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November 28, 2019

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As we celebrate the good things in our lives, let us not forget what has been taken from others to create the American narrative.  –photo credit Tim Mossholder
Today is Thanksgiving Day. Earlier this month, in anticipation of the holiday, Fox News spent several days manufacturing outrage about a fictitious progressive WAR ON THANKSGIVING.
By the rivers of Babylon—
    there we sat down and there we wept
    when we remembered Zion. 
On the willows there
    we hung up our harps. 
For there our captors
    asked us for songs,
and our tormentors asked for mirth, saying,
    “Sing us one of the songs of Zion!” 
How could we sing the Lord’s song
    in a foreign land? 
If I forget you, O Jerusalem,
    let my right hand wither! 
Let my tongue cling to the roof of my mouth,
    if I do not remember you,
if I do not set Jerusalem
    above my highest joy.
Psalm 137: 1-6
On November 5, Alexandra Emanuelli wrote an article in the Huffington Post that featured suggestions for reducing our carbon footprint while celebrating Thanksgiving. Ms. Emanuelli was very clear that she was offering suggestions about environmental impact — nothing more.

Here is what she wrote: “No one should be discouraged from enjoying the holiday or celebrating with family and friends, but we’re here to provide insight into the ingredients and dishes that have the largest ecological impact. The researchers we interviewed shared suggestions and alternative ingredients that cause less environmental damage.” A quick internet search shows that this was not the first time The Huffington Post has published such a suggestion list — a similar article appeared as early as 2014. Yet Fox has repeatedly exaggerated a simple suggestion list into a full-blown War on Thanksgiving. This is not at all surprising, since it is typical of the way Fox appeals to their viewers — by creating fake situations in order to manufacture controversy. This particular case would be funny if it weren’t in service of a much broader agenda: that of a scorched earth, winner take all need to hold onto power at all costs by a particular segment of the population.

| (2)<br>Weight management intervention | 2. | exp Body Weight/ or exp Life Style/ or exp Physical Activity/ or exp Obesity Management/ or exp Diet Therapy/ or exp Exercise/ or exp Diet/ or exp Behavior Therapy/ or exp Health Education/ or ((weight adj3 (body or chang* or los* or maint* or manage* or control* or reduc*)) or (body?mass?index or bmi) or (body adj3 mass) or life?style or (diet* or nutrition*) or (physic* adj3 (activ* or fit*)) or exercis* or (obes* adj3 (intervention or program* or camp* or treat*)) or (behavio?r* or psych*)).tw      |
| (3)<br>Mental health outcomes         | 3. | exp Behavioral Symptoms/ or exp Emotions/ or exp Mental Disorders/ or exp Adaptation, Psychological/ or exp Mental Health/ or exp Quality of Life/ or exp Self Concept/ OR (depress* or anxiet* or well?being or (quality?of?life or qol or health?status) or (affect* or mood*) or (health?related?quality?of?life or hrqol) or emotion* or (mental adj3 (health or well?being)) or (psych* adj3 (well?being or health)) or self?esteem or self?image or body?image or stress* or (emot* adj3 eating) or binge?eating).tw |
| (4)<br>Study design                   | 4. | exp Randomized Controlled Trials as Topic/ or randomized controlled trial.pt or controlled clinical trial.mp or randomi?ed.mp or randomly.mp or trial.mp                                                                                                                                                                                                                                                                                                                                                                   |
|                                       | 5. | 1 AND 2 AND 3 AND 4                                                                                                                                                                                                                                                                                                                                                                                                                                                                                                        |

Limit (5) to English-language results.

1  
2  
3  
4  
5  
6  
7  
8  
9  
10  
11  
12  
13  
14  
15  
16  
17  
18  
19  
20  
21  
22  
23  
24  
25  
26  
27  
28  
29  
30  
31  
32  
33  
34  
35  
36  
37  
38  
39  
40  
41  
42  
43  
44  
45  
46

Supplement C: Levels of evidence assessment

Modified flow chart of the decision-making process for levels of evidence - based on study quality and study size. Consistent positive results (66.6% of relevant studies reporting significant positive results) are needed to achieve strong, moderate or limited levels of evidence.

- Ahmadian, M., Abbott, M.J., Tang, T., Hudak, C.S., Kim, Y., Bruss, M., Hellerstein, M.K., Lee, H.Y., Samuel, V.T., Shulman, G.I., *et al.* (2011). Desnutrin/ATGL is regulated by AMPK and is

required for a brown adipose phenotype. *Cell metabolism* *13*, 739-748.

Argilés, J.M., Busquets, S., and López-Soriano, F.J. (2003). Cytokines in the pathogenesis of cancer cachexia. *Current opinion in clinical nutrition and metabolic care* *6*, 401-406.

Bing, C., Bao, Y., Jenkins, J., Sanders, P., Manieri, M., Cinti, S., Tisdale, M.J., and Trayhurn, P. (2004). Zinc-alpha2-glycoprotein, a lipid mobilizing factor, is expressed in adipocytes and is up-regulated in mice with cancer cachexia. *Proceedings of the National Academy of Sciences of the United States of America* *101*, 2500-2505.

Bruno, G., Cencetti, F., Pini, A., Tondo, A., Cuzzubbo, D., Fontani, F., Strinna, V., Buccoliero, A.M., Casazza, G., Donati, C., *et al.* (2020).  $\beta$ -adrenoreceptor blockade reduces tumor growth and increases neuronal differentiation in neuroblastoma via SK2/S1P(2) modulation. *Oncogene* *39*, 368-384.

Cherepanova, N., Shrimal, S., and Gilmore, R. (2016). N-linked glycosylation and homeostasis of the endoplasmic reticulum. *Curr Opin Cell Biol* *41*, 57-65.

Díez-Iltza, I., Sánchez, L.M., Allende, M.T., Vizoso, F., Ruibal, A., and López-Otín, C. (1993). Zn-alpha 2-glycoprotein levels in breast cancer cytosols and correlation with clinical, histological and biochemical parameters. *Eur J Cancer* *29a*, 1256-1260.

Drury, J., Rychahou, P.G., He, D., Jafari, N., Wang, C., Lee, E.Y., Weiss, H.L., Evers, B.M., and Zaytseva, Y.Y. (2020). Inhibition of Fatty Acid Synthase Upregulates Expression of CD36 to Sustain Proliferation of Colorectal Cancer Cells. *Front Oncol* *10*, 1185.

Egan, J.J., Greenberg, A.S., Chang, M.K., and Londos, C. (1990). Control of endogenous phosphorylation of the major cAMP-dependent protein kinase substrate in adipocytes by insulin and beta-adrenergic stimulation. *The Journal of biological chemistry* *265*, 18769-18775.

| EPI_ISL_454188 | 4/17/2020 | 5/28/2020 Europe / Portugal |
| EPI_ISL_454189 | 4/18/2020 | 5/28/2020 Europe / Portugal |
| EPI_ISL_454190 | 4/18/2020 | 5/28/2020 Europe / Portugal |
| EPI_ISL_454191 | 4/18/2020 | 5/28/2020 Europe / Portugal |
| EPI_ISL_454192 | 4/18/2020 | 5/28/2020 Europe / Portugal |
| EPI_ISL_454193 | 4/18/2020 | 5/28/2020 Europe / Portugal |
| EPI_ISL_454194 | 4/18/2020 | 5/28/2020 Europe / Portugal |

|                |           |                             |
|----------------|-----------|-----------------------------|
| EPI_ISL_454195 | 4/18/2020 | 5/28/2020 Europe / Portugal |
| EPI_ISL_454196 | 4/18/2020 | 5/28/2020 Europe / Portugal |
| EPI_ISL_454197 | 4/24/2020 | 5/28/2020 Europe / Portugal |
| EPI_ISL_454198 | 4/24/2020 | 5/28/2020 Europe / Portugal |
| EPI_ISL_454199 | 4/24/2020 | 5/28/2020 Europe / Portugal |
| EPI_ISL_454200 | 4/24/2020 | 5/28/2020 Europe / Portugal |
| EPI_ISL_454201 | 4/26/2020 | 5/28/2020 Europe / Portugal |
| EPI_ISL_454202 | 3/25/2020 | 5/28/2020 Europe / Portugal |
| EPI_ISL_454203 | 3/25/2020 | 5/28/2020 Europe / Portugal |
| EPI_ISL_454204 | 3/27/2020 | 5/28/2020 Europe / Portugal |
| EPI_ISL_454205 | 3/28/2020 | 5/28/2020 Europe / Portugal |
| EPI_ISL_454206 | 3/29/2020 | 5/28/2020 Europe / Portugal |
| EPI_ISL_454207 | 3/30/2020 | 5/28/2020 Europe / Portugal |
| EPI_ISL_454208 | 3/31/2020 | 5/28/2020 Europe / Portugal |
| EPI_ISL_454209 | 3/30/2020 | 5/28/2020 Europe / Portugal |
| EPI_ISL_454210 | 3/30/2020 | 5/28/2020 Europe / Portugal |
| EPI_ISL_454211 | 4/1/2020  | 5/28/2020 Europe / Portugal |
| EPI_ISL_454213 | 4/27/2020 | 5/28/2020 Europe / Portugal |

The outrage over the War on Thanksgiving is just one tiny part of a much larger struggle to see who gets to control the narrative of what it means to be a “real American.” That narrative has been almost exclusively controlled by white males since the the first European arrivals on this continent. One of the earliest documented examples of this was in 1550 — when King Charles 1 of Spain called for a debate about the human dignity of the indigenous people of the Americas (Council of Valladolid). Of course, that council took place well before the United States existed. But it was still an argument about who got to control the land and resources of the Americas (a name that was chosen by Europeans, by the way). Needless to say, there were no representatives of the only real Americans (the indigenous peoples of the Americas) present at that council to speak for themselves.
When one asks Native Americans now, many of them will tell you that they refer to Thanksgiving as a day of mourning. For them, the arrival of Europeans in the Americas was the cause of the decimation of their peoples: through disease, war, neglect, and servitude. They mourn for the loss of their people, their cultures, their heritage, and their lands on this day. And they find no small irony in the full-throated racist cries of white Americans now — those who readily attack non-white Americans by telling them to “go back where you came from!”